Service on 501 Queen, 504 King, 29/929 Dufferin and 503 Kingston Road has been affected by two major water/sewer repairs both of which struck over the weekend of January 21-22, 2023.
Updated: The south end loop for the 29 Dufferin local service has been extended into Exhibition Place.
Updated: 501 Queen streetcars are now looping via Sunnyside Loop rather than around Roncesvalles Carhouse.
The intersection of King & University is closed due to a water main break which both undermined the road and flooded St. Andrew Station. The station was closed for a time, but reopened on the afternoon of January 22. The station is not currently accessible due to water damage of escalators and the elevator between the platform and concourse levels.
Dufferin is blocked north of Springhurst (the north side of Dufferin Gate Loop) due to a sewer failure. This affects the 29/929 Dufferin bus routes as well as the 501 Queen streetcar which has been using Dufferin Loop as a western terminus during the King-Queen-Queensway-Roncesvalles project.
The Queen car has been rerouted west to Sunnyside Loop Roncesvalles where it loops using the carhouse runaround track. Sunnyside Loop is not yet available as a terminus. (Updated Jan. 25/23)
The Dufferin bus services are making a long loop around Liberty Village instead of running south to Dufferin Loop.
Update: This loop has been revised for the 29 service to include Exhibition Place. Also, although the 929 express service is shown as operating east to Strachan, some buses make a shorter loop and turn south from King closer to Dufferin.
The King streetcars and buses are operating on a much-modified route due to the closure at University Avenue.
504A cars would normally operate between Dufferin Loop and Distillery Loop. They are running between Broadview Station and Distillery Loop
504B cars would normally operate between Exhibition Loop and Broadview Station Loop. They are running between Broadview Station and Church Street looping as shown below.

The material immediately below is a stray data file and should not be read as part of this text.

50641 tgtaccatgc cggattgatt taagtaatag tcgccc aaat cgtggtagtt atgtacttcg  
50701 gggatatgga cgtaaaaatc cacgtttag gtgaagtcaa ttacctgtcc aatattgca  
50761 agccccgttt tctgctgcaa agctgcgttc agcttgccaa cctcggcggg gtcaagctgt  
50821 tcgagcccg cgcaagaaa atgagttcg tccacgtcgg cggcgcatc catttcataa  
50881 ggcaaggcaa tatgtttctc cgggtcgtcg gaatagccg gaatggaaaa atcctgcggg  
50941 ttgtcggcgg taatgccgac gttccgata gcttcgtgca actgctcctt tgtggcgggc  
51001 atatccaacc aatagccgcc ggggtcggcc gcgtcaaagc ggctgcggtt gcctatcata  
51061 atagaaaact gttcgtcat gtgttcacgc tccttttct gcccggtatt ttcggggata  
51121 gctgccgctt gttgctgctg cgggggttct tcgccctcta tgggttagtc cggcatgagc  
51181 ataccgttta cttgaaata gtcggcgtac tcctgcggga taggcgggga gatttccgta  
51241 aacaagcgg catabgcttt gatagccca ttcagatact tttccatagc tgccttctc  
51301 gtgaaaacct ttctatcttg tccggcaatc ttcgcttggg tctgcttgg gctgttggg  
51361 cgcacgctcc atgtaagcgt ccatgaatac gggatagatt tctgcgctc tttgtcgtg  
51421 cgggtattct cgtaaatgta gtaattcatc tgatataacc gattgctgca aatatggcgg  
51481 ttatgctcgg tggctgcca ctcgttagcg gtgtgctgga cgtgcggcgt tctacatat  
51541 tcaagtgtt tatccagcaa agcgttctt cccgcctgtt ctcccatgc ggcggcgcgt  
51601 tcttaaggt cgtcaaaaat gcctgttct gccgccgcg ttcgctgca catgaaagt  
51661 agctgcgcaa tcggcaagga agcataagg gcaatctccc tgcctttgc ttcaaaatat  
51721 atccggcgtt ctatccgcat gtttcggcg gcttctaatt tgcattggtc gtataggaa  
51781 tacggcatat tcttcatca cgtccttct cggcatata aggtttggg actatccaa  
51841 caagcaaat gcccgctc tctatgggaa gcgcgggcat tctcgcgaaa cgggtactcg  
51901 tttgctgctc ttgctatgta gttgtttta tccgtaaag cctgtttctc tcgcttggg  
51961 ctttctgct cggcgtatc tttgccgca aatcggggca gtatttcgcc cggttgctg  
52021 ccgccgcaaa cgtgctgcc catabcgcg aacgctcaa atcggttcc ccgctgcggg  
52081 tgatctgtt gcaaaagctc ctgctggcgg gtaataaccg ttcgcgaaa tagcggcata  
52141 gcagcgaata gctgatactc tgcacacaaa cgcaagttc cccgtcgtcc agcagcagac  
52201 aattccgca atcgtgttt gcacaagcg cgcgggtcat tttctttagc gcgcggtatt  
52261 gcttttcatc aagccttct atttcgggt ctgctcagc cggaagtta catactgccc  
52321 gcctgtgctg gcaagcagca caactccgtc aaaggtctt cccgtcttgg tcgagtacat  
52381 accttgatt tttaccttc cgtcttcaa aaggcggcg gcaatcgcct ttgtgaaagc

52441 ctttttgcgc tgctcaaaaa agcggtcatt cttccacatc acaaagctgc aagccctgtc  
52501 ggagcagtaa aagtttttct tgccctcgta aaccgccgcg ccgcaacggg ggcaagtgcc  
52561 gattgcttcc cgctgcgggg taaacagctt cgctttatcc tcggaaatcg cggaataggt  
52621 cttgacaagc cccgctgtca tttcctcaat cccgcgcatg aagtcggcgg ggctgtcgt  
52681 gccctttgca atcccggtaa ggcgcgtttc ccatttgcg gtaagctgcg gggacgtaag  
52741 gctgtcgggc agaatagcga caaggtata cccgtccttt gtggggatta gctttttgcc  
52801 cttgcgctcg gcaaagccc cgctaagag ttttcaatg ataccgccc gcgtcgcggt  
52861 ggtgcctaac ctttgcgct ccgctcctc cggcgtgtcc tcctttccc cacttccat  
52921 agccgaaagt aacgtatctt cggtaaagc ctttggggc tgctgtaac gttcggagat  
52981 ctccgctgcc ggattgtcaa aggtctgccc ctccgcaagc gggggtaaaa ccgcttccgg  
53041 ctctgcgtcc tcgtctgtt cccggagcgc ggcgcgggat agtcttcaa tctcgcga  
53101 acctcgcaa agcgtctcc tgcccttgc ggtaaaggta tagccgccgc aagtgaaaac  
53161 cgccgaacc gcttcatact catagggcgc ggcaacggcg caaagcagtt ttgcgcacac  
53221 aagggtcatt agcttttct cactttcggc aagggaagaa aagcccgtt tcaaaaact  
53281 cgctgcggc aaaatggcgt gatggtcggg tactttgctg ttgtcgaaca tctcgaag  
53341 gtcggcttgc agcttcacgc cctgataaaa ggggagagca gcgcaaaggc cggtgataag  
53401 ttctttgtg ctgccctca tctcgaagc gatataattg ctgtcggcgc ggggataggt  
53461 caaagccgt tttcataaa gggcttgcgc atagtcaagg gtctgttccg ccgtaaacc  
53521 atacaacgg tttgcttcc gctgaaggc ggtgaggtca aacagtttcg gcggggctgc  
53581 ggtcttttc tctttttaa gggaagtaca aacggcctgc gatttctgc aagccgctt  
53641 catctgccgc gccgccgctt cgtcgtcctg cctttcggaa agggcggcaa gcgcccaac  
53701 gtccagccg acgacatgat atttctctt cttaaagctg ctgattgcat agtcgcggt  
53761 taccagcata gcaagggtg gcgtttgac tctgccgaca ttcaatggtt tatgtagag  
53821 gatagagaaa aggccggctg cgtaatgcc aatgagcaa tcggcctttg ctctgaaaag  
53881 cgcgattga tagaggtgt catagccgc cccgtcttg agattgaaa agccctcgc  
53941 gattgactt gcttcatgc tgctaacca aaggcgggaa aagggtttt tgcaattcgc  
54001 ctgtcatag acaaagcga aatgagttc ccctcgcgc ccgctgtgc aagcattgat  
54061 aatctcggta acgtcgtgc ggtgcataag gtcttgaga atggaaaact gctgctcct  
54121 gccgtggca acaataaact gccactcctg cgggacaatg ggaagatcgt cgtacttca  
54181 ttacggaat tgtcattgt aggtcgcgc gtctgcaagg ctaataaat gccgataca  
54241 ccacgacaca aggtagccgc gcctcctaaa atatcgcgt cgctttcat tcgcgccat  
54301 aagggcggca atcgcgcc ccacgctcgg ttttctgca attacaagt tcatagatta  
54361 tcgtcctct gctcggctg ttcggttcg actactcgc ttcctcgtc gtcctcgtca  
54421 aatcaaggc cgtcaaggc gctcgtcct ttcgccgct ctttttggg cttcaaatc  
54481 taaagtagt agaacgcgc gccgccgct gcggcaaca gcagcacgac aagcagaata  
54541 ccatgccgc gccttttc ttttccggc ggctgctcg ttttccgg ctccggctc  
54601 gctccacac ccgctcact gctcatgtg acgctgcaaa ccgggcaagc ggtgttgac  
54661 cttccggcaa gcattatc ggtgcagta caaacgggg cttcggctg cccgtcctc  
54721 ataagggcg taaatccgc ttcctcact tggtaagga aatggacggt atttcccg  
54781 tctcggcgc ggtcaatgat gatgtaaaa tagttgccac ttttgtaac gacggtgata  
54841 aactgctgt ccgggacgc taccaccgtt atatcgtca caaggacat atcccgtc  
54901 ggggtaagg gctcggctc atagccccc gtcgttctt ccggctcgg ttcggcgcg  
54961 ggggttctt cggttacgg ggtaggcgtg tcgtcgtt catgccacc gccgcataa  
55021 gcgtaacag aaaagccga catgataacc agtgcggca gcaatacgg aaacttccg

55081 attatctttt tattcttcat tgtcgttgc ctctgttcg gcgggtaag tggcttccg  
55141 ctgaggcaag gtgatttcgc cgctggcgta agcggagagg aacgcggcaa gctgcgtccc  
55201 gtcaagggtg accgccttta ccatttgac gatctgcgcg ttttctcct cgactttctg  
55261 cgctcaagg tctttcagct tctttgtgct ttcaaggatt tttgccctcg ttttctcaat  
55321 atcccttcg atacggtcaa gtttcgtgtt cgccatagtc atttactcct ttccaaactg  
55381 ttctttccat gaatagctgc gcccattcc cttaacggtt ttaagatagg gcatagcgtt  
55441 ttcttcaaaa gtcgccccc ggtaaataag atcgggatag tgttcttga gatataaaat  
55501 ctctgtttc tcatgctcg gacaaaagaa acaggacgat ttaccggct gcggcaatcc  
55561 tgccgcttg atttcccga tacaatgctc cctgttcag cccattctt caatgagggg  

504C buses are in theory providing service to River. However, many of these never get east of Bathurst Street (their normal terminus) due to congestion over the diversion route. Parallel service through the construction zone operates eastbound via Adelaide and westbound via Wellington as shown below, and these buses terminate at River Street.
Information in vehicle tracking/prediction apps is rather scrambled because many vehicles are not where they are supposed to be on the schedule, and extra buses operating on the 504C are not tracked at all.
503 Kingston Road
The 503 Kingston Road streetcars are currently operating as buses and their normal loop downtown would be via York, Richmond and University. This has been changed to run via York, Queen and Bay.
There are no firm dates for reopening the streets and resuming normal service at either location.
Apologies for the soft images here. This is what the TTC provides on its site.
On a day that hinted vaguely of, dare I say it, Spring, I visited King-Queen-Queensway-Roncesvalles to see the current state of affairs.
All track is assembled and concrete placement is underway for the north gate (Roncesvalles Avenue) entrance of the carhouse.
Eastbound road traffic on The Queensway is now using the new curb lane.
Construction of the track foundation between Glendale and Parkside is underway.
Overhead contact wire is up at Sunnyside Loop, although the work to attach it to hangers is not yet finished.
One might think it possible we will see streetcar service at least to Sunnyside on Queen and on Roncesvalles to Dundas West Station this Winter-Spring. Schedule details for the mid-February and late-March changes have not yet been announced.
At the very least, long-suffering residents of Roncesvalles should get their buses back between The Queensway and Howard Park in a few weeks unless the project is delayed in some mysterious way even longer.